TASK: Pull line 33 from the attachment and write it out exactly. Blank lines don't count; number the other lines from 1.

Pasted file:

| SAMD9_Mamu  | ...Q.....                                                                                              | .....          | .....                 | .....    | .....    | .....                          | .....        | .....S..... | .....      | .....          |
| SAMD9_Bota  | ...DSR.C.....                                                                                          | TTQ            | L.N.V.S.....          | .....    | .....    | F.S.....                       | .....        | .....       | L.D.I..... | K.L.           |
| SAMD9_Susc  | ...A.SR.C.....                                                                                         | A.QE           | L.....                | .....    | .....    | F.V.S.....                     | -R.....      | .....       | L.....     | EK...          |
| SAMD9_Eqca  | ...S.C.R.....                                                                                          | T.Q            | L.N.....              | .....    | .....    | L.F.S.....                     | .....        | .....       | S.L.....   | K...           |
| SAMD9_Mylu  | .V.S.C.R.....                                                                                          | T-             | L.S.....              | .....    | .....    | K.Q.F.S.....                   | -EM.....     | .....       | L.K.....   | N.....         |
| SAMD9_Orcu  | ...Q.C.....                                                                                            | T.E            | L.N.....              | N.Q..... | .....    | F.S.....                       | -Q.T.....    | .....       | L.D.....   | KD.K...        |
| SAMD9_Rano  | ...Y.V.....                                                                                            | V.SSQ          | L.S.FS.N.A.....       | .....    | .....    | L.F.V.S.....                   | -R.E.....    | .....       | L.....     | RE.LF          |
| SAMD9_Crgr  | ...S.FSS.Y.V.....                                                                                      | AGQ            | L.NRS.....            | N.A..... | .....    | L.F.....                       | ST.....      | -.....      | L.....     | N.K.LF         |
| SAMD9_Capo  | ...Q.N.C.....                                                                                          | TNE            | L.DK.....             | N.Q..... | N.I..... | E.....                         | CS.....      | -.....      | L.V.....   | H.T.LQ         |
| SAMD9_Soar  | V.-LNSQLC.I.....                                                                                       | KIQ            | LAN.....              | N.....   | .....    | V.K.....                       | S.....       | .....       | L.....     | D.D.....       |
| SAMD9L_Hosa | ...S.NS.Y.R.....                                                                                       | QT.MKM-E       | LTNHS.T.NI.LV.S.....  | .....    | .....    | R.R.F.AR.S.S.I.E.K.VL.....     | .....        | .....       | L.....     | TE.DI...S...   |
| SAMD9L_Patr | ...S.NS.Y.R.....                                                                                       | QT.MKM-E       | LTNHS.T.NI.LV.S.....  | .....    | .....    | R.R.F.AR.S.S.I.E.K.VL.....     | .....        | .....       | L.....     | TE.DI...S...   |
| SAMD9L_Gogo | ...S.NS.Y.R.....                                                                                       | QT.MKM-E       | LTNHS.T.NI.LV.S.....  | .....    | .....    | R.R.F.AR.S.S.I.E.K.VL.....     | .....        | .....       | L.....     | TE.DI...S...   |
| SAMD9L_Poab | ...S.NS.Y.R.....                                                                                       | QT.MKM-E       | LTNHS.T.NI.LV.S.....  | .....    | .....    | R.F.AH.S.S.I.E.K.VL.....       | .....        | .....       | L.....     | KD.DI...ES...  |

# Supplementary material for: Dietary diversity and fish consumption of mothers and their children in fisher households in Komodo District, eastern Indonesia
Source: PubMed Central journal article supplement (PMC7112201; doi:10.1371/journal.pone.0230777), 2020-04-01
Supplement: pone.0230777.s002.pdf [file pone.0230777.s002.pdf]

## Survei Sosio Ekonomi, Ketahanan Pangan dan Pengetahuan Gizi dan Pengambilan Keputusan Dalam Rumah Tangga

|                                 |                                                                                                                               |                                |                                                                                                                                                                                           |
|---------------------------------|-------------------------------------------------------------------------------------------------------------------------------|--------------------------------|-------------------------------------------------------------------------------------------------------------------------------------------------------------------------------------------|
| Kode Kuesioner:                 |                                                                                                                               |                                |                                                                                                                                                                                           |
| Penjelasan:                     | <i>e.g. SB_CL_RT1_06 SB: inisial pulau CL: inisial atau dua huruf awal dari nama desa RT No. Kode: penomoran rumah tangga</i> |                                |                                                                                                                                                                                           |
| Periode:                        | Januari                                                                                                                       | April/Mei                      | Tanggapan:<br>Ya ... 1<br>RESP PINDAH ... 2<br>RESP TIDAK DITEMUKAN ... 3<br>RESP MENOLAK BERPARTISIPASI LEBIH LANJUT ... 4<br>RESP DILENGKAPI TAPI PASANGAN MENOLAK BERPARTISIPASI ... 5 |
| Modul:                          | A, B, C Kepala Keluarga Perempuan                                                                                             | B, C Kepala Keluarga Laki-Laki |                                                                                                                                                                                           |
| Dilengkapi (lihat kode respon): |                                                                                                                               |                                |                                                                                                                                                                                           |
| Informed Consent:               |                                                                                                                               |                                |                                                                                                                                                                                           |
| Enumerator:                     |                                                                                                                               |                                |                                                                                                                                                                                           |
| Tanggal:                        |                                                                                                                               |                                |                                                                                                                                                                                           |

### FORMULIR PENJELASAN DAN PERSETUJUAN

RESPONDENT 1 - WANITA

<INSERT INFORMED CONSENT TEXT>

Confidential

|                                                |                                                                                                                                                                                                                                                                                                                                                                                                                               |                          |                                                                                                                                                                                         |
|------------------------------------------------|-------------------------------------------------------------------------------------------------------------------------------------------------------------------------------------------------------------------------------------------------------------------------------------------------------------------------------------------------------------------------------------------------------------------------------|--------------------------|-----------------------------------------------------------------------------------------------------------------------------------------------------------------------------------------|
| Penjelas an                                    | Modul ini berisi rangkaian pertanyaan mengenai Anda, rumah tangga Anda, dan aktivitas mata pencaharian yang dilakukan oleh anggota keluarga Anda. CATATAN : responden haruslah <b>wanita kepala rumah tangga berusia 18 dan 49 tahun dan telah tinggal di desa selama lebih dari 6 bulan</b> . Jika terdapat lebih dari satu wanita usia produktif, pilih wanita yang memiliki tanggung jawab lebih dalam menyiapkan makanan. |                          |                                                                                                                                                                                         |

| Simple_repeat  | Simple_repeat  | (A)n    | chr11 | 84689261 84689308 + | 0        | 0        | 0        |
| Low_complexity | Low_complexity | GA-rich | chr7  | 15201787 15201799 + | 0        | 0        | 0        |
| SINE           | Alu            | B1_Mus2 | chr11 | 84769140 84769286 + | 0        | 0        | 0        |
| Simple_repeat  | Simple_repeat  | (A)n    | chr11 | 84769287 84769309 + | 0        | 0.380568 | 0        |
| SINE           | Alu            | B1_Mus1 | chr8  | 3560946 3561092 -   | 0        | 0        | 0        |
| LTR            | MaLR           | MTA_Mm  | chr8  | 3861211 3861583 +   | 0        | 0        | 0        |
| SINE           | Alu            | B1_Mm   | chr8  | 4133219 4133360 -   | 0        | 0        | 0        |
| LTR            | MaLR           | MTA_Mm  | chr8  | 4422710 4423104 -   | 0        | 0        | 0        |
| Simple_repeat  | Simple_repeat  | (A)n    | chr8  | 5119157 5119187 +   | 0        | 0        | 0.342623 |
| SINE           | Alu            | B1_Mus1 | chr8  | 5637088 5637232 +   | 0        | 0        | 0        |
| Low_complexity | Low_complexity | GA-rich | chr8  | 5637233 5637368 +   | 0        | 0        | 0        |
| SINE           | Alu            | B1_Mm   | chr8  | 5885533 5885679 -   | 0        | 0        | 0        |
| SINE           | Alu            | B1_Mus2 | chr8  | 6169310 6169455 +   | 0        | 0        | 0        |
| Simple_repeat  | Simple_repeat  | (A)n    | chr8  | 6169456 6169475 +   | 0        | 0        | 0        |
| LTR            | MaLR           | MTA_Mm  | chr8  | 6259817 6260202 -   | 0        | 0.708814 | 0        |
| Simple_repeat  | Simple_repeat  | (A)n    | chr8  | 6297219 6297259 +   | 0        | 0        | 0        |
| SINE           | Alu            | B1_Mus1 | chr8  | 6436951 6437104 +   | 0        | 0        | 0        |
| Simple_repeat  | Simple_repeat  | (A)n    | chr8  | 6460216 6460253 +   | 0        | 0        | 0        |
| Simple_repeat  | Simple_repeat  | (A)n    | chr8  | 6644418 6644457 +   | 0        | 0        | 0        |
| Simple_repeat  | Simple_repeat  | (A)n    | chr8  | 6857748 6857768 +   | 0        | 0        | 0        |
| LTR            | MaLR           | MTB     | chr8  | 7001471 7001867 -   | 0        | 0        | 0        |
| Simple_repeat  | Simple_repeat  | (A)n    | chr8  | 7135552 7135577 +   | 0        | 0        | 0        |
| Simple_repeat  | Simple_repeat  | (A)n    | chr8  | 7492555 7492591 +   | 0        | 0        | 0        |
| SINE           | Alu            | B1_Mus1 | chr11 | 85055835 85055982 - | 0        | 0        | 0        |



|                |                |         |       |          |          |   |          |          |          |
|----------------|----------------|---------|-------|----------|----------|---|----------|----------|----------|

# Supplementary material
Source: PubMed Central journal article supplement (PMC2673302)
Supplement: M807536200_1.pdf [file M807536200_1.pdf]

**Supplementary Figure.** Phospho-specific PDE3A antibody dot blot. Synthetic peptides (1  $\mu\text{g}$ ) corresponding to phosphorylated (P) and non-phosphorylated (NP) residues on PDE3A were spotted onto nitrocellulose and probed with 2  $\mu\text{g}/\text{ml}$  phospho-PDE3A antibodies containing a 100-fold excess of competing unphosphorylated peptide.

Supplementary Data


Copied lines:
|                                                |                                                                                                                                                                                                                                                                                                                                                                                                                               |                          |                                                                                                                                                                                         |